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Notebook: The Epistle to Titus

J Grant

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No mention of Titus is made in the Acts of the Apostles and we have, therefore, to turn to the epistles of read of him. He was a Gentile, as Paul confirms in Galatians 2.3: "But neither Titus, who was…a Greek…". His nationality is not known - the use of the term "Greek" indicates that he was not a Jew. In Galatians 3.28 it is seen that Paul used the word "Greek" for all who were not Jews. This mention of him in the Galatian Epistle reveals Paul’s masterstroke - that of bringing an uncircumcised Gentile believer with him when he went to Jerusalem to seek to correct the teaching of Jews that all believers must be circumcised (Acts 15.1). Although it does not state categorically that Paul would not have this carried out on Titus, the comment of Vine in his exposition of Galatians seems accurate: "The Apostle can hardly have intended to assert that Titus was circumcised as evidence that he had not yielded on this very point. Surrender is not proof of victory…he showed his firmness…in refusing to have Titus circumcised".

Titus, whose name means "honourable", was a fellow worker in the gospel with Paul. The trust and confidence that the Apostle had in him is seen in his reference to Titus as "my partner and fellowhelper" (2 Cor 8.23). Together with two other brethren, Titus had travelled to Corinth, partly to encourage the saints there to have a gift ready for the needy believers in Judaea, which Paul would deliver to Jerusalem. Paul waited at Troas for his return from Corinth with news of how the first epistle had been received (2 Cor 2.12-13; 7.6).

This epistle is the next chronological mention that we have of him. He had been with Paul in Crete, a visit that is not recorded in Scripture, and had been left there to complete work that had to be done. Towards the end of his second epistle to Timothy we read that, as he faced execution, Paul sent Titus to Dalmatia (4.10).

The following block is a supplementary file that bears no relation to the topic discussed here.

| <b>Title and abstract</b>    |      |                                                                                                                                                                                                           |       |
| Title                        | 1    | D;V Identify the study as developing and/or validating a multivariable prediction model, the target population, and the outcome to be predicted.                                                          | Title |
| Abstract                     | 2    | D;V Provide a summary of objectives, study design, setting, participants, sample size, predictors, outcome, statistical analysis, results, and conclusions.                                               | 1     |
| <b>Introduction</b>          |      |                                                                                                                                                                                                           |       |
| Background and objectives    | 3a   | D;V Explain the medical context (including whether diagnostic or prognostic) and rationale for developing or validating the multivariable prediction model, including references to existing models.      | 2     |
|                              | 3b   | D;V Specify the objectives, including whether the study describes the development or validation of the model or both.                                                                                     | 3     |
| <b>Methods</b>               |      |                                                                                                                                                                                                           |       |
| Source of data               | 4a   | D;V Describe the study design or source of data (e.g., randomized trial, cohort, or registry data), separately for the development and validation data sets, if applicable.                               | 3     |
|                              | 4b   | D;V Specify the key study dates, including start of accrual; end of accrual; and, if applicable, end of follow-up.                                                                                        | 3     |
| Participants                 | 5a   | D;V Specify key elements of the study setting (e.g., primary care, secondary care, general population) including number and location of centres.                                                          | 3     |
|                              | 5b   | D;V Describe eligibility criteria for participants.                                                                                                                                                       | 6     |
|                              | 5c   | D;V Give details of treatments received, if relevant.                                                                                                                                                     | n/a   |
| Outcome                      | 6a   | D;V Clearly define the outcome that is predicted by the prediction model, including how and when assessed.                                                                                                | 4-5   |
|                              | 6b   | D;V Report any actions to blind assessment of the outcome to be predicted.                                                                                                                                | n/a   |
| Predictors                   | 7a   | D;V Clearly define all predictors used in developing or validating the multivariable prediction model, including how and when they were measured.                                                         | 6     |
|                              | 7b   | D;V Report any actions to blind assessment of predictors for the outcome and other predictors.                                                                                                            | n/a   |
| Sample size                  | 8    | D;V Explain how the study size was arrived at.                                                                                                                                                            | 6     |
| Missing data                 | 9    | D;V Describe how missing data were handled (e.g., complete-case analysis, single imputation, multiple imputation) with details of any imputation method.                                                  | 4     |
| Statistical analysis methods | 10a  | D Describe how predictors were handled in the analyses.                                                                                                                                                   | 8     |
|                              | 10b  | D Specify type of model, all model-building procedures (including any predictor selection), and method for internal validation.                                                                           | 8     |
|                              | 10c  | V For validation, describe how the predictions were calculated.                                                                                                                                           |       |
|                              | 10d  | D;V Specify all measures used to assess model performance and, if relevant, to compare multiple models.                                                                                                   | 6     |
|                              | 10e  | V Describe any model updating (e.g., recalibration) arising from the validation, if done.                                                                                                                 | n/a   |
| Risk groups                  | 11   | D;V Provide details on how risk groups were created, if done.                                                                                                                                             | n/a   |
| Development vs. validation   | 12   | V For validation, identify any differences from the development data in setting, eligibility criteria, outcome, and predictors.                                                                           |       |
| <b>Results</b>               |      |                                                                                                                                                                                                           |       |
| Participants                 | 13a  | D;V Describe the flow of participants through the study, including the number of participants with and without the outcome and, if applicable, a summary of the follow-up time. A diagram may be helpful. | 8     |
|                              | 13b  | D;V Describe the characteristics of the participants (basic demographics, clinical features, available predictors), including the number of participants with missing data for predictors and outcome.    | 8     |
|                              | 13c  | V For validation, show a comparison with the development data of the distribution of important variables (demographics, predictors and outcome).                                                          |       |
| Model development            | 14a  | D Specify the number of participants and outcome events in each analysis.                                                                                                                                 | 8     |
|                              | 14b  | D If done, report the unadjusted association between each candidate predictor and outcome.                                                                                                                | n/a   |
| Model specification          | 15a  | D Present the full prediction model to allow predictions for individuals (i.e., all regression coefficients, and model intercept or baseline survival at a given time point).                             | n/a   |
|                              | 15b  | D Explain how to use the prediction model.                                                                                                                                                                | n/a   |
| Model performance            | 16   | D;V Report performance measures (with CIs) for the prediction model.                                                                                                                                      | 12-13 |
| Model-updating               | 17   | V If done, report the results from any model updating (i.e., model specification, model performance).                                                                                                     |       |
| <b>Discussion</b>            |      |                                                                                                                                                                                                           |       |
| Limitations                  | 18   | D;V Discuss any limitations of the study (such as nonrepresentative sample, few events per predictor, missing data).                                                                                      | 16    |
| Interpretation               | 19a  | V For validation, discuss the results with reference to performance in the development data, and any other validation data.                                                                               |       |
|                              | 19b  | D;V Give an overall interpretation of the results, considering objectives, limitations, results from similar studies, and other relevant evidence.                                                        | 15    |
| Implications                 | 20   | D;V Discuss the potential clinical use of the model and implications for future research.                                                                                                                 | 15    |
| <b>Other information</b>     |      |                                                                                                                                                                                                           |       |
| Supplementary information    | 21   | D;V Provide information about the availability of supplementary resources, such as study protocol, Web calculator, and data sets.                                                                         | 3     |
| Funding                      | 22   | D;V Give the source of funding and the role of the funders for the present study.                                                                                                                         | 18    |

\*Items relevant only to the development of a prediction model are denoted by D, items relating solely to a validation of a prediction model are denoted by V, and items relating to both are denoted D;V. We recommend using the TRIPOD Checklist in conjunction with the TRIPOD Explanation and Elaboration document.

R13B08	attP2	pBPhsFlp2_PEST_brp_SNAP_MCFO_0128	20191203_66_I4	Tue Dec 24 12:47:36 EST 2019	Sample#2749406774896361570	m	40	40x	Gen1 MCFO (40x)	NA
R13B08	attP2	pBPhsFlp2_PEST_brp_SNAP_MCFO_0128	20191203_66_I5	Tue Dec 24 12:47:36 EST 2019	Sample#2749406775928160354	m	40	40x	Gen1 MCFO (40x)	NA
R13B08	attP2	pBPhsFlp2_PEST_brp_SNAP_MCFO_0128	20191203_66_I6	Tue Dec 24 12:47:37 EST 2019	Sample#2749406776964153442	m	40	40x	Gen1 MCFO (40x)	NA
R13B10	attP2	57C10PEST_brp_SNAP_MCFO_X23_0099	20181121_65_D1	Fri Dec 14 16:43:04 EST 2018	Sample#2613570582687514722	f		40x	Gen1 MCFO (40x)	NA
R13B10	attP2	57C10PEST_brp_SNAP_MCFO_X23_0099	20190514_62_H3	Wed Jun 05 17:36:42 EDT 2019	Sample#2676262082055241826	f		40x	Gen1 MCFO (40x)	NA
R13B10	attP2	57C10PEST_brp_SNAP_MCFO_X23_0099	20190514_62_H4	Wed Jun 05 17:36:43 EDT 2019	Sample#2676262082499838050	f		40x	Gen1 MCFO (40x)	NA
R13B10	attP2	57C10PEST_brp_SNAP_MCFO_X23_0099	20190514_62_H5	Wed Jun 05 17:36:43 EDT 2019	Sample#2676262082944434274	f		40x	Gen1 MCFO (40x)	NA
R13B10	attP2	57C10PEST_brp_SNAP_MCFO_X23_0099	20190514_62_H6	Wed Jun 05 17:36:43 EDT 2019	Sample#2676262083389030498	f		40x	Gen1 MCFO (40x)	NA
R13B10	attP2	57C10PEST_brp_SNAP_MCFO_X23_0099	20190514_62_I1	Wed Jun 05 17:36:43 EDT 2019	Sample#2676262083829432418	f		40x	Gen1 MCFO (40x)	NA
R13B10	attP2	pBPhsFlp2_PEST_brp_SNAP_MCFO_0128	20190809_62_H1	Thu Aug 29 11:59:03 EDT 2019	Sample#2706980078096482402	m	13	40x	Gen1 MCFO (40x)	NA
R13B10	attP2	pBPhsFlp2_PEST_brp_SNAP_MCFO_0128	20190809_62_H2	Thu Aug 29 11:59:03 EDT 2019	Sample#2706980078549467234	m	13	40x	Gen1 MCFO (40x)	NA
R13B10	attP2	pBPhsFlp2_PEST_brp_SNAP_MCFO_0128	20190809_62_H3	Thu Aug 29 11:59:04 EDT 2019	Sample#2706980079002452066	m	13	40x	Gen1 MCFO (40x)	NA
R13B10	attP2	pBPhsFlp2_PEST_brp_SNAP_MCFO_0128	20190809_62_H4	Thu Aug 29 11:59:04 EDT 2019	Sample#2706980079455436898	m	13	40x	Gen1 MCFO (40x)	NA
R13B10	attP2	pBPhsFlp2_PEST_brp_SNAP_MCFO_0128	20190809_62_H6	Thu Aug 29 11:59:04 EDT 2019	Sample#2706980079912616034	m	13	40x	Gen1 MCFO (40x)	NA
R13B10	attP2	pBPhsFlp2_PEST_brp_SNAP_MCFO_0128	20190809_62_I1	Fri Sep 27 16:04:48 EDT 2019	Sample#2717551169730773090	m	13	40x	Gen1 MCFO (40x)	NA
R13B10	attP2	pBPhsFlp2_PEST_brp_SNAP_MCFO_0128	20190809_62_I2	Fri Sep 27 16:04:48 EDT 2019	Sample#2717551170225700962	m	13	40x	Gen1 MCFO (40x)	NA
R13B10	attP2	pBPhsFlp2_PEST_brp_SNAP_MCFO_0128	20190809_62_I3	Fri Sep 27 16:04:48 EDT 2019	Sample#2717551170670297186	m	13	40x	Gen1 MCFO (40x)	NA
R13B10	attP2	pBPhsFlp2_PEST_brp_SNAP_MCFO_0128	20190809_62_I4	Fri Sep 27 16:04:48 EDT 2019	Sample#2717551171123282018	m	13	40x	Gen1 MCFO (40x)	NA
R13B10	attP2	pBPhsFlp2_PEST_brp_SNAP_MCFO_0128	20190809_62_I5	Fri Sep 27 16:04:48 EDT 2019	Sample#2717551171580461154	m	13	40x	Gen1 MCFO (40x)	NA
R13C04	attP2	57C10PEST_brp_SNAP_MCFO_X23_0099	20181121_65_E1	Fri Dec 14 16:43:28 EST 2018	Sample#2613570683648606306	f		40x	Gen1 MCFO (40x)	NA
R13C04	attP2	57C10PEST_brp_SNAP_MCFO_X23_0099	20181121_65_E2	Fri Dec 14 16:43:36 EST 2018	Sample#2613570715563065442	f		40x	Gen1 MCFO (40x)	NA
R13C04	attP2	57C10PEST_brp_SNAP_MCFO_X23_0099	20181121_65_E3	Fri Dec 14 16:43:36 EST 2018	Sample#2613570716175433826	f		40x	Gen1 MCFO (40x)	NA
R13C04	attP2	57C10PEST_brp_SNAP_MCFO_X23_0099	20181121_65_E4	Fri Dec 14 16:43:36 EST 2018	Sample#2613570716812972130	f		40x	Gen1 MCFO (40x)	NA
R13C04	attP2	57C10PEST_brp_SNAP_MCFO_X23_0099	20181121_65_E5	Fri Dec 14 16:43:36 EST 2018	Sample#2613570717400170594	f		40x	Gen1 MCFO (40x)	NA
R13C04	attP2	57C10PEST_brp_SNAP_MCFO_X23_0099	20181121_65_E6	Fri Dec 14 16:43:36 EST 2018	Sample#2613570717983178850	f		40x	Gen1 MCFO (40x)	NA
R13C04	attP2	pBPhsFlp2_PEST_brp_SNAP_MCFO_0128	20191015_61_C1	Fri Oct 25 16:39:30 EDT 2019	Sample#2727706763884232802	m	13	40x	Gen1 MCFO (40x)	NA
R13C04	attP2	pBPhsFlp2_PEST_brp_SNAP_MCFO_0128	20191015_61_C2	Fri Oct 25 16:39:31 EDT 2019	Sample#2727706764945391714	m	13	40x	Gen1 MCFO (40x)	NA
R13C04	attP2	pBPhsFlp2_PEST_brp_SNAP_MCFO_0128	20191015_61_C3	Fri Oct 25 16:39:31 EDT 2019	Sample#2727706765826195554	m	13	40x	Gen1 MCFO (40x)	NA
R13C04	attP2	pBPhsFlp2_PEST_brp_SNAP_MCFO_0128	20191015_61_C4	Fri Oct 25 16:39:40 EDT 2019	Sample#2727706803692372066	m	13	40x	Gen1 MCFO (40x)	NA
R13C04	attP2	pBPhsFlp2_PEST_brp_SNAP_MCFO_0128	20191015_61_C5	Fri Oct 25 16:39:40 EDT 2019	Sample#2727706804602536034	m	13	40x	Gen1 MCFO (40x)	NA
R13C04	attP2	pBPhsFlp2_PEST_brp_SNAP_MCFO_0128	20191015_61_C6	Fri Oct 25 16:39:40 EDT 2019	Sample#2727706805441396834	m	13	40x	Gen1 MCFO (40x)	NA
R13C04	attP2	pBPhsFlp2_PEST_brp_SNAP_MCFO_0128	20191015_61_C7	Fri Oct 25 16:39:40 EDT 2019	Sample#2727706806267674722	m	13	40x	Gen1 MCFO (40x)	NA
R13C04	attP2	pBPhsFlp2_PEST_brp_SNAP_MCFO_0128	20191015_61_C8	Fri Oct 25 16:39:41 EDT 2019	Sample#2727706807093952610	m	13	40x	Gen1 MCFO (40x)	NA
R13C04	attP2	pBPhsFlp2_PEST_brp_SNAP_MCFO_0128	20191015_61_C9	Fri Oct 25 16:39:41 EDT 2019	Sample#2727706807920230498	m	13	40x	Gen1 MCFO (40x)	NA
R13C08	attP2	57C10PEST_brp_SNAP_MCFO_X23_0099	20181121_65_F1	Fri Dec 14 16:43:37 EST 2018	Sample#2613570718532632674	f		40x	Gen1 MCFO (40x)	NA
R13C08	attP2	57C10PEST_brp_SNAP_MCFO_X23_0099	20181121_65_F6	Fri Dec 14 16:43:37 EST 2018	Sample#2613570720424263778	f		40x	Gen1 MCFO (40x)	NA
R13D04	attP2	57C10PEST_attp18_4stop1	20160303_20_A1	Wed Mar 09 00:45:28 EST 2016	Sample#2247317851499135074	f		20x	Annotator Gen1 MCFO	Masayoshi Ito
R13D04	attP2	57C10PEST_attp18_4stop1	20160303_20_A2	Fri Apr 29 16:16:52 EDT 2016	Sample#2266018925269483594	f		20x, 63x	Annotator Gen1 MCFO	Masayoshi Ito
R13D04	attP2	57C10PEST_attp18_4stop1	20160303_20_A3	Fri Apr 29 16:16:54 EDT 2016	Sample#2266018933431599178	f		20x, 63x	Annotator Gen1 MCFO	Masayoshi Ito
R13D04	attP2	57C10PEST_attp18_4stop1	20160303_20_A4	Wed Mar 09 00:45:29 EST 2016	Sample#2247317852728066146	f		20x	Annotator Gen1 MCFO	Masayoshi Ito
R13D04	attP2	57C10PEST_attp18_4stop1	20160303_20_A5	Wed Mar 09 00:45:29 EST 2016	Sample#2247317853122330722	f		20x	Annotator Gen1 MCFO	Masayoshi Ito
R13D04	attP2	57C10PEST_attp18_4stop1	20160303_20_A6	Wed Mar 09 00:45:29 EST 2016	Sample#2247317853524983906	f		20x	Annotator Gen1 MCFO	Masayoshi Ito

The charge to Titus

The island of Crete lies in the Eastern Mediterranean. The visit to which reference has been made must have been during the time of freedom enjoyed by the Apostle between his first and second imprisonments. The purpose of leaving Titus behind was evidence of the trust that Paul still had in him, and Paul summarised the work to be carried out under two headings. The first was to "set in order that things that are wanting", and the second was to "ordain elders in every city" (1.5). Paul’s desire was that there would be a "healthy" testimony on the island. The use of the word "sound", which means "healthy", together with the fact that "set in order" can mean to "set a broken limb", reveals the mind of the Apostle as he wrote.

The problems faced in Crete

The gospel had resulted in numbers of believers being found in many of the cities on the island. Proof of this is the fact that elders had to be appointed "in every city". Assemblies require government without which conditions can range from an unscriptural "democracy" or a very damaging "dictatorship".

This work of God had been attacked by teachers who were "vain", "deceivers", and who worked for financial gain (1.10-11). Titus was to be forthright in his denunciation of these men. Their mouths were to be "stopped" (1.11), and they were to be rebuked "sharply" (1.13). Urgent effective action was to be the order of the day. Doubtless the saints in Crete knew that he had the support of Paul in carrying out that vital work. Let us always remember that the devil and his servants are interested spectators of the work of a local assembly, and they will attack when they see an effective work being carried out for the Lord. Their methods and mode of attack may vary, but we can be assured that they will work to destroy the testimony. Let us not be lax in maintaining the doctrinal and moral standards that are demanded of us and with which we should happily agree.

The preservation of sound doctrine: Chapter 1

The elders